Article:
One of the 10 Brightest Objects in the Sky is Now a Satellite — and More Are Coming
BlueWalker 3 is brighter than all but seven stars in the night sky, and it's just the first of a planned constellation of super-bright satellites.
One of the brightest objects in the night sky isn’t a star or a planet — it’s a communications satellite.
The BlueWalker 3 satellite, launched in September 2022, is now the eighth-brightest object in the sky, just behind blue supergiant star Rigel and ahead of nearby star Procyon. And it’s just a prototype for an entire constellation of similar broadband communications satellites called BlueBird, which satellite designer AST SpaceMobile hopes to launch sometime next year.
BlueWalker 3’s 692-square-foot array of solar panels reflects a lot of sunlight, which is what makes the satellite so bright. Astronomers around the world, led by University of Atacama astronomer Sangeetha Nandakumar, recently tracked the satellite to measure exactly how bright it is, and the results were alarming for anyone who’s at all invested in actually being able to see the stars. They published their results in the journal Nature.
Artificial Constellations Replacing Real Ones
AST SpaceMobile plans to launch its first five BlueBird satellites early in 2024, with another 20 satellites blasting off later in the year. And if something in the satellites’ design doesn’t change drastically, that could mean another 25 objects brighter than all but seven stars in the night sky.
“The trend towards the launch of increasingly larger and brighter satellites continues to grow,” Nandakumar and colleagues write in their recent paper. Amazon plans to launch 3,200 broadband satellites in its Project Kuiper constellation sometime in the coming year. SpaceX’s StarLink constellation already has more than 5,000 satellites in low-Earth orbit, with plans to more than double that number eventually.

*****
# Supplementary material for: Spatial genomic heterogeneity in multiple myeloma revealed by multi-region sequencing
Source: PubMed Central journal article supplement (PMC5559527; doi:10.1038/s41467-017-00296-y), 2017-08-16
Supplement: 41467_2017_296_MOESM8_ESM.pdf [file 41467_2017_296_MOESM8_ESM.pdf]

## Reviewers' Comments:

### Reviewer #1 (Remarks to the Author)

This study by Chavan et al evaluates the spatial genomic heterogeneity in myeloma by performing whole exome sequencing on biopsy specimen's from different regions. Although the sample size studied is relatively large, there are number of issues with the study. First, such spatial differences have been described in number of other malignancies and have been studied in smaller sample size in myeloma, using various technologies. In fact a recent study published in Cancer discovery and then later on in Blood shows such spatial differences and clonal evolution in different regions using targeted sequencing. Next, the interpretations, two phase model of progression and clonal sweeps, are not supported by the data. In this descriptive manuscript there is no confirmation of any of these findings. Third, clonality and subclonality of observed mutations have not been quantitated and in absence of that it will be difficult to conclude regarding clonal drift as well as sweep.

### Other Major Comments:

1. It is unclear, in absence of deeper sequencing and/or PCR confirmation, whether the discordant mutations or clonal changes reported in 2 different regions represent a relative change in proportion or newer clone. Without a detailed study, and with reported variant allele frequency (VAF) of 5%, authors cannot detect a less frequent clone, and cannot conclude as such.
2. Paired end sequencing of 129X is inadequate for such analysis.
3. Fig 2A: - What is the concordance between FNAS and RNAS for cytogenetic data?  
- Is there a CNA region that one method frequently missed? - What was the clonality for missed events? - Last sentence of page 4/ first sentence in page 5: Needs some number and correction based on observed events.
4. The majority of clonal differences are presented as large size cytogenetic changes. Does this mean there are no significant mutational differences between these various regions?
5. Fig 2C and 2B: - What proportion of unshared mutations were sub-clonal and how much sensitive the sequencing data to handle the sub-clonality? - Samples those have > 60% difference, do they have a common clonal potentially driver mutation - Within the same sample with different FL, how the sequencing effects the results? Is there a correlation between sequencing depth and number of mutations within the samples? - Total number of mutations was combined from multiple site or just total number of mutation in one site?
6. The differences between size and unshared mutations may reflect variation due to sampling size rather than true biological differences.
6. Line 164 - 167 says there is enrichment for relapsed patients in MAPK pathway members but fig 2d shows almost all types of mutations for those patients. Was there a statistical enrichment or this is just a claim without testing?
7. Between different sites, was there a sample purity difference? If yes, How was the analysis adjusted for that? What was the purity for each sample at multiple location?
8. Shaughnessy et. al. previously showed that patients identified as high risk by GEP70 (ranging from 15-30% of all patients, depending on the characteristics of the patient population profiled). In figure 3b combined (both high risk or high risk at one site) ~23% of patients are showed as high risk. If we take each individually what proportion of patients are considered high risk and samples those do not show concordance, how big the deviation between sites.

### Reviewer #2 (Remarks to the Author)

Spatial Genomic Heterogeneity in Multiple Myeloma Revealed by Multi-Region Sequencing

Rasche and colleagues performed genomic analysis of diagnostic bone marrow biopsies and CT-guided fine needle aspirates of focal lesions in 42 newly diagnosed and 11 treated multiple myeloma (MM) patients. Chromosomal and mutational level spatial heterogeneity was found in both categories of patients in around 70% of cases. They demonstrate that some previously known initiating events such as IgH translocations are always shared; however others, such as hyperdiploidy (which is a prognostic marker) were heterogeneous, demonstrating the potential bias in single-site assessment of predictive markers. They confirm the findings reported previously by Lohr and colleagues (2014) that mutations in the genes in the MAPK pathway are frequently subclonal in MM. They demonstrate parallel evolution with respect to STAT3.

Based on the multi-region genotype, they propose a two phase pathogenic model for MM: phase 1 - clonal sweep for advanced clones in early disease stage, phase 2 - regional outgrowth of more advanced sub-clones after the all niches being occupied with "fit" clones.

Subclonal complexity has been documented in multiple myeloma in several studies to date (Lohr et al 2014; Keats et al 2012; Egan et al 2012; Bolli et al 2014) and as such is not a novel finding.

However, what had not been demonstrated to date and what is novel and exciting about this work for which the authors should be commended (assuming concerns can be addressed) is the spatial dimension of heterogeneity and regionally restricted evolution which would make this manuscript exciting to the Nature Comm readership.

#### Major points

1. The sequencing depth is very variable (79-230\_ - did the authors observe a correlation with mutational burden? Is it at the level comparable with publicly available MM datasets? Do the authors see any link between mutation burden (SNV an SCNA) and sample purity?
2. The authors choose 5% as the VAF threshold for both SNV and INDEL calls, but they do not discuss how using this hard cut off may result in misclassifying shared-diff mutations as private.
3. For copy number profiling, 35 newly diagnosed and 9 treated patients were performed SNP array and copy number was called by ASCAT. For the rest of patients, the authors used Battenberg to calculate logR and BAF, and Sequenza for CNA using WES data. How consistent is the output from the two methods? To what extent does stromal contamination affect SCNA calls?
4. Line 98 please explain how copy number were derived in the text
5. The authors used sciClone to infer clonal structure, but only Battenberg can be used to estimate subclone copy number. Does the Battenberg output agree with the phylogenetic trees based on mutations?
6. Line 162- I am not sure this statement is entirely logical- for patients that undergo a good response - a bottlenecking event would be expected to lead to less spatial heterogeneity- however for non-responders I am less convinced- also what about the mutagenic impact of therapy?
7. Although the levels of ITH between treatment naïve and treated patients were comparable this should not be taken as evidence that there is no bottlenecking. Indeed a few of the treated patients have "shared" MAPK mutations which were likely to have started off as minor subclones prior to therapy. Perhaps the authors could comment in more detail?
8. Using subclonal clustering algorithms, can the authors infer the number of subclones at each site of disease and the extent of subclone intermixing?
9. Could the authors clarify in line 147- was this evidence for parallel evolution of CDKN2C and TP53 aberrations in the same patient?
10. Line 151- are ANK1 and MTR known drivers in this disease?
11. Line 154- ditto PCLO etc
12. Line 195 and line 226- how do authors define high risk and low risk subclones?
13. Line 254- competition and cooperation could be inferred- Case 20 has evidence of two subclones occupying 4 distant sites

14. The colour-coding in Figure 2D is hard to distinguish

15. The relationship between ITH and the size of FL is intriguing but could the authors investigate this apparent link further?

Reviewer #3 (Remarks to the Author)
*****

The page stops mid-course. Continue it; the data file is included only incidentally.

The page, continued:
All those satellite constellations could pose a challenge for astronomers, making it very difficult to see space from the ground, argue Nandakumar and colleagues, even with some of the world’s most powerful telescopes. And that’s just visible light; radio signals and infrared emissions from all those satellites could also interfere with astronomy.
There are ways to make satellite constellations less bright; StarLink has experimented with painting dark coatings on some of its satellites, which makes them about half as bright as the un-coated version. Nandakumar and colleagues say it’s important to assess the possible impact of satellites on the night sky before launch as part of the Federal Aviation Administration’s process for deciding whether to approve a satellite launch.
Meanwhile, light pollution here on the ground is causing the night sky to get about 10 percent brighter every year. In another generation or two, according to a study published in January, people in most of the world may not be able to look up and see stars at all — just a glowing, blank sky.